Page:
Editor’s note: The following letter was sent to the Georgetown mayor and Town Council on July 30.
The Southern Delaware Alliance for Racial Justice (“the alliance”) is disappointed that funding for the Georgetown Historical Society was approved. This letter addresses the next steps the town has pledged to take concerning the Confederate memorial/flag issue.
Finances are key
Councilmember Christina Diaz-Malone got it 100% right when she said it is about money and that the historical society would have a lot more money if the Confederate monument/flag were brought inside into a museum setting with proper curation.
The state has refused to fund the historical society because of the Confederate monument/flag. The governor of Delaware opposes the monument/flag. The historical society gets no rent that we know of for “hosting” the divisive memorial/flag, which was provided and apparently owned/maintained by others.
Financial peril: Can historical society remain a going concern?
Shockingly, the 2020 historical society filings (period ended June 30, meaning only the initial months of COVID-19 impact the numbers) report only $62,755 of total revenue, with $62,723 of total functional expenses! Total revenue in 2019, the year the state denied funding, was $98,507 — a 36% decrease in revenue in one year. Information for 2021-22 must be obtained.
The town gave the historical society $24,000 which, as far as we can determine, was not revealed as a nearly 40% increase in its 2020 budget/expenditures. That indicates severe financial stress.
How can the historical society remain as a going concern, unless it can raise significantly more money, unlikely without changes?
Richmond, Virginia, is experiencing a renaissance after it placed most of its Confederate “memorials” into properly curated museum settings. Georgetown and Sussex County should follow that example.
Example of proper curation of memorial/flag when moved into museum setting
What might proper curation look like?
First, it would not ignore those Delawareans who fought against their country; it would add context and explanation.
Second, this is a very brief draft of what might be said:
The memorial contains the names of Delawareans who left Delaware for other states to enlist in the Confederate army. Delaware was the only one of the four “slave” states that remained in the United States unable to field a regiment or militia of its citizens to fight against the United States.
The plaque placed next to the memorial/flag in its former outdoor location said as few as 300 Delawareans may have fought for the Confederacy; many sources suggest it may have been about 2,000.
At the time of the Civil War, Delaware had a population of 110,418, which included about 20,000 free African Americans. An additional 1,798 Delawareans were enslaved.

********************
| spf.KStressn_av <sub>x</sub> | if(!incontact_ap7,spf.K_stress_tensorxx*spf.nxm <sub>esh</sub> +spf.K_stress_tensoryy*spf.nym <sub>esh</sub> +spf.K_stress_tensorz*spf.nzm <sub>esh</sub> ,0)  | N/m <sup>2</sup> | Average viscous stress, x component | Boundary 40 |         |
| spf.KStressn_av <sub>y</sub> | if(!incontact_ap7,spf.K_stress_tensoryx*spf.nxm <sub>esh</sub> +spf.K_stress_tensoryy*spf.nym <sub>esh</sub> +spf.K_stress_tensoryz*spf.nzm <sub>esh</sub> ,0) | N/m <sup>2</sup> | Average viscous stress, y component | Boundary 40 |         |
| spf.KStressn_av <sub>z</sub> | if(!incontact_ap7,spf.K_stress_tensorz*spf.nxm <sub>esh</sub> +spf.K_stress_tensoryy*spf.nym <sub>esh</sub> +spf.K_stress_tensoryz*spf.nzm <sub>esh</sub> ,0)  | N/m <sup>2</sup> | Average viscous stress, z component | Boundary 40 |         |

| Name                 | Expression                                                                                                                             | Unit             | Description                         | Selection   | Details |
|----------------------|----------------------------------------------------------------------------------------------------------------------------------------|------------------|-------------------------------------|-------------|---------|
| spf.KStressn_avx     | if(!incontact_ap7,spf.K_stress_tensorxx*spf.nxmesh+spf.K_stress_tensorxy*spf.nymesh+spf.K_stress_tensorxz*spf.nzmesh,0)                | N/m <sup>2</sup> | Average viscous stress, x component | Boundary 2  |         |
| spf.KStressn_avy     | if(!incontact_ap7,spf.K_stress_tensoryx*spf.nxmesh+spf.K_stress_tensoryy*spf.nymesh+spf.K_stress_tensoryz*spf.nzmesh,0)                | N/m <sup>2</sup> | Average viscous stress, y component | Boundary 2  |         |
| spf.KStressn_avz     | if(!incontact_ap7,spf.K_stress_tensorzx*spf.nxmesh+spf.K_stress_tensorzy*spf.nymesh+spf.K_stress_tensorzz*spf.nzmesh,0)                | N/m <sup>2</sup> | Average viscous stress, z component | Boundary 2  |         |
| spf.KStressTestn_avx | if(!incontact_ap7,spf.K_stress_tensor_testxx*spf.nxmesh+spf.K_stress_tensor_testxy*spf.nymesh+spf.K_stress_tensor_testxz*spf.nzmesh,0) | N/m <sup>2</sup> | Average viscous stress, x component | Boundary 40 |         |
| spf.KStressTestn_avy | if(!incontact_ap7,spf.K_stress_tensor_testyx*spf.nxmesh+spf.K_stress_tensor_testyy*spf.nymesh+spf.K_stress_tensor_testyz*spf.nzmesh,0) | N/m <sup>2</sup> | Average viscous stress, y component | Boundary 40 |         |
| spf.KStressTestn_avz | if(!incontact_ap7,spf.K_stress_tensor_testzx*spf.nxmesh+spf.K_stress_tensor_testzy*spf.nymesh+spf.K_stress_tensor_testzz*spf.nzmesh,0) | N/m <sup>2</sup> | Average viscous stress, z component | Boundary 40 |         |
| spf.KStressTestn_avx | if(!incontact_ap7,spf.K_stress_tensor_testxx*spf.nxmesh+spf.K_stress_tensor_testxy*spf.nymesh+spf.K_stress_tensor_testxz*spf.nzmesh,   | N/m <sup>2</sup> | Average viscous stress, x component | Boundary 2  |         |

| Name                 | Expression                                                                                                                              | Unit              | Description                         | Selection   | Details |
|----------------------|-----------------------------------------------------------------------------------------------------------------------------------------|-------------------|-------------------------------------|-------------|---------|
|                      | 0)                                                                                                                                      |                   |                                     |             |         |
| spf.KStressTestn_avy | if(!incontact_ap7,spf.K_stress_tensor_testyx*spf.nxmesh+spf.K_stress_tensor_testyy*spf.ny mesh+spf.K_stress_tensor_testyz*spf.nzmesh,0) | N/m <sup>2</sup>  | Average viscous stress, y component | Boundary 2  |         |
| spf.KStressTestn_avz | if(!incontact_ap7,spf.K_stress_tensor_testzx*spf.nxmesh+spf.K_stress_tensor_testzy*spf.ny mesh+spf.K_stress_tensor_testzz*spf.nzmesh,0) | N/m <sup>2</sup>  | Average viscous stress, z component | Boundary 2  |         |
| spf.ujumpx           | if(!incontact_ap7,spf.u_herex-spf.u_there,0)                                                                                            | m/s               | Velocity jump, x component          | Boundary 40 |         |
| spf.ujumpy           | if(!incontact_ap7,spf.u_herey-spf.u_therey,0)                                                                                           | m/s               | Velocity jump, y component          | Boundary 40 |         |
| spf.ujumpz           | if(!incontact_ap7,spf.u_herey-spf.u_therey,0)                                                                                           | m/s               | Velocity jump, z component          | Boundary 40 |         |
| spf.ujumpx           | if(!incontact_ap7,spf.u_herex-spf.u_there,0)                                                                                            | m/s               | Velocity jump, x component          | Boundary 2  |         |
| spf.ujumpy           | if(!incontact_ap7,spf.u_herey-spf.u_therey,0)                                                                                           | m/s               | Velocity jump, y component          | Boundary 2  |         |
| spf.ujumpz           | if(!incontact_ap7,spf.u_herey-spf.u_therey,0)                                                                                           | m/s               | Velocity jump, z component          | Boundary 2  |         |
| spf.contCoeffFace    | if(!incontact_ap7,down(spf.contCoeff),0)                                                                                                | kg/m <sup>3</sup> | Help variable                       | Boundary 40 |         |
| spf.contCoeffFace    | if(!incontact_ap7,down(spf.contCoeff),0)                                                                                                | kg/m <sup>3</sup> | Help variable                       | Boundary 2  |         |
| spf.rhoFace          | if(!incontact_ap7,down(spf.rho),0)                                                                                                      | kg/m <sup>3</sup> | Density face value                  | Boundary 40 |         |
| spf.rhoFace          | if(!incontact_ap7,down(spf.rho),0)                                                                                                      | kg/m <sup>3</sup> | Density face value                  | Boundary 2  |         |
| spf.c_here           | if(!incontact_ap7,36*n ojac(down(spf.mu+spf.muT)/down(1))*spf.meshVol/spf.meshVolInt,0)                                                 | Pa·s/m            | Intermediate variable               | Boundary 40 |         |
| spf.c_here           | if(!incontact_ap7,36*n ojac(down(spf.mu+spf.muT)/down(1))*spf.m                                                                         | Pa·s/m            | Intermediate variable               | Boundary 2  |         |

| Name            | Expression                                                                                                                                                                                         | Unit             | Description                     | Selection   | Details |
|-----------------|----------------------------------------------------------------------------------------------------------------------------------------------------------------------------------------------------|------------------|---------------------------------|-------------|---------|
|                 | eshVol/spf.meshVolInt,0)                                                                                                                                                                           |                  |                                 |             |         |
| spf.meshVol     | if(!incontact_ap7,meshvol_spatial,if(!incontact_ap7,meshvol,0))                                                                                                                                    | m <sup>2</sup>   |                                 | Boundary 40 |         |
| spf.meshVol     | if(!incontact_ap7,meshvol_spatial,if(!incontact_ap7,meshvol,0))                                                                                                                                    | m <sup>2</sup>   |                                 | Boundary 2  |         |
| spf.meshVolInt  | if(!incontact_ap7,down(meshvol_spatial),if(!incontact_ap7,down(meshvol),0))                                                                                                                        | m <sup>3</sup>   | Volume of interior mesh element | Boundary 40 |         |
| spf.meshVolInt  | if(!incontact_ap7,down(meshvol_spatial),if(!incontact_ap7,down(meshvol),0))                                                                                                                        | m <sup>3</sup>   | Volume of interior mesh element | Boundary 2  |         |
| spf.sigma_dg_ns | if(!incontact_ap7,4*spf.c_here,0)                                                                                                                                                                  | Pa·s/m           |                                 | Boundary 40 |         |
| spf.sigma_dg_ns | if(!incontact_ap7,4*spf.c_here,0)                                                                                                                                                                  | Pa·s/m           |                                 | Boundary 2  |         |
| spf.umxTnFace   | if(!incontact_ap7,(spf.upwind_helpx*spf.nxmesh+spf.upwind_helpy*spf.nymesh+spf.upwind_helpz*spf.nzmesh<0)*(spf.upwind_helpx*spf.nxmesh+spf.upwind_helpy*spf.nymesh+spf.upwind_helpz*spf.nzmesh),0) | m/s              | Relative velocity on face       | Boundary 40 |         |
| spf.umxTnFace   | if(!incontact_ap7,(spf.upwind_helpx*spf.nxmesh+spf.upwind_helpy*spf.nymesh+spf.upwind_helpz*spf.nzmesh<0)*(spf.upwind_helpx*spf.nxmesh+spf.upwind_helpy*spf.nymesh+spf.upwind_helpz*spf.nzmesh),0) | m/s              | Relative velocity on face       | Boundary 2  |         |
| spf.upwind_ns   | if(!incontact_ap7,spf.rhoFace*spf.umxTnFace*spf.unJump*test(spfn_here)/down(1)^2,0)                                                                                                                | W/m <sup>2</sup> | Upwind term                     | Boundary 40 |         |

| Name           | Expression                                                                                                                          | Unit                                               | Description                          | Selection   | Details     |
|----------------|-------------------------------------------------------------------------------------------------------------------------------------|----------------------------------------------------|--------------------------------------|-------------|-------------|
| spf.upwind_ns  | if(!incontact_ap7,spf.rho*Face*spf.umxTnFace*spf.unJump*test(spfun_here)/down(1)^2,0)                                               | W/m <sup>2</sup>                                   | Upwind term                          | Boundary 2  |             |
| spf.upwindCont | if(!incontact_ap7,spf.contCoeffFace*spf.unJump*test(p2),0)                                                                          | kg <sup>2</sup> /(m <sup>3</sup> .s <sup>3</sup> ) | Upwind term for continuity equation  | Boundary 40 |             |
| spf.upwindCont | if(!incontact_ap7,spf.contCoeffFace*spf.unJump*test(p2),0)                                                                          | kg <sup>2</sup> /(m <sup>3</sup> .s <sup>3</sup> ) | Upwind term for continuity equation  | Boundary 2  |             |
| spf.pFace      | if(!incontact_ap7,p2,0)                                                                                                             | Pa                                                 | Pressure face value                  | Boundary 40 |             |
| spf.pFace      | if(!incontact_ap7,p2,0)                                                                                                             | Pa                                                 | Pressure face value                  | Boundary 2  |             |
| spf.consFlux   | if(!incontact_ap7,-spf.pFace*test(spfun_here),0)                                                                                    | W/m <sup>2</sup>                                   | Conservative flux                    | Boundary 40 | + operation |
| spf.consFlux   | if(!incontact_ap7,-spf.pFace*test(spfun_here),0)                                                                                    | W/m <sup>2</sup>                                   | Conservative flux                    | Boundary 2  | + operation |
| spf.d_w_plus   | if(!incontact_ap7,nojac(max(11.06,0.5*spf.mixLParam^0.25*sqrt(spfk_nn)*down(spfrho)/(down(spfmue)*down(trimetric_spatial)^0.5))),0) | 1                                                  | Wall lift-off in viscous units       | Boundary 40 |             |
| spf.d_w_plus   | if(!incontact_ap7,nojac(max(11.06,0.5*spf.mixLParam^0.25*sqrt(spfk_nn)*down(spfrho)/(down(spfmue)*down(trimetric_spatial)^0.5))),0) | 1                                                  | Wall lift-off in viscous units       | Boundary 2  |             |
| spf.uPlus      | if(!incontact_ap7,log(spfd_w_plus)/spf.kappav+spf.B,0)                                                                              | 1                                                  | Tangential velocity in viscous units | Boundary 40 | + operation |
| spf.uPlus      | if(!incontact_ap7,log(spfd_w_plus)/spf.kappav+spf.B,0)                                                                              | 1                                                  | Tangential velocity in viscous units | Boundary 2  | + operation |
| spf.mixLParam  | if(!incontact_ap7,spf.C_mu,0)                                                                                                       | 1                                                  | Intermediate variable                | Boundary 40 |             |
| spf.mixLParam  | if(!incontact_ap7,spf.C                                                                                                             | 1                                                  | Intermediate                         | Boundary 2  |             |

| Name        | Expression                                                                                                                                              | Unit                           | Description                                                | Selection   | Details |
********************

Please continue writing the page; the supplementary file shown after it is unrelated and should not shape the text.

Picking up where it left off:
There were 11,236 White soldiers from Delaware who fought for the Union in the Civil War, plus 94 sailors and Marines. An additional 954 Black soldiers from the First State have been identified as having fought for their country against the Confederacy, with estimates ranging as high as 1,500. Casualties of killed and wounded were high.
More than 10% of the population of Delaware fought for the United States in the Civil War. Recall that only men fought.
Nearby exhibits provide additional information about the First State’s involvement in the Civil War. At various times during the Civil War, 33,000 Confederate prisoners of war were held at the Delaware prison camp on Pea Patch Island, known as Fort Delaware. Delaware’s DuPont Co. was a key supplier to the United States military. Many Delawareans were active participants in the Underground Railroad. Harriet Tubman, a Delmarva native, became the first woman to lead American troops into battle during the Civil War.
Three Delawareans received the Medal of Honor, the United States’ highest military honor, for their heroism at the Battle of Gettysburg, three of the 63 Medals of Honor awarded for that major battle. The First State more than carried its weight during that terrible war.
The actions of the few Delawareans who fought against the United States can be remembered, as well as the actions of the vast majority who fought for their country.
Importantly, for the town, historical society and county, if the Nutter D. Marvel Carriage Museum is to survive, it must change. The financial numbers tell the story. The history accumulated and shown at the museum should not be lost.
The alliance offers to work with the town, historical society and interested parties to move forward to eliminate the divisive symbolism and tell the full story of an era we must not forget. The alliance has many supporters who are residents of the town and even more who frequent Georgetown. Let’s work together to cure the error made in 2007 and move the historical society forward.
History Committee chair
Southern Delaware Alliance for Racial Justice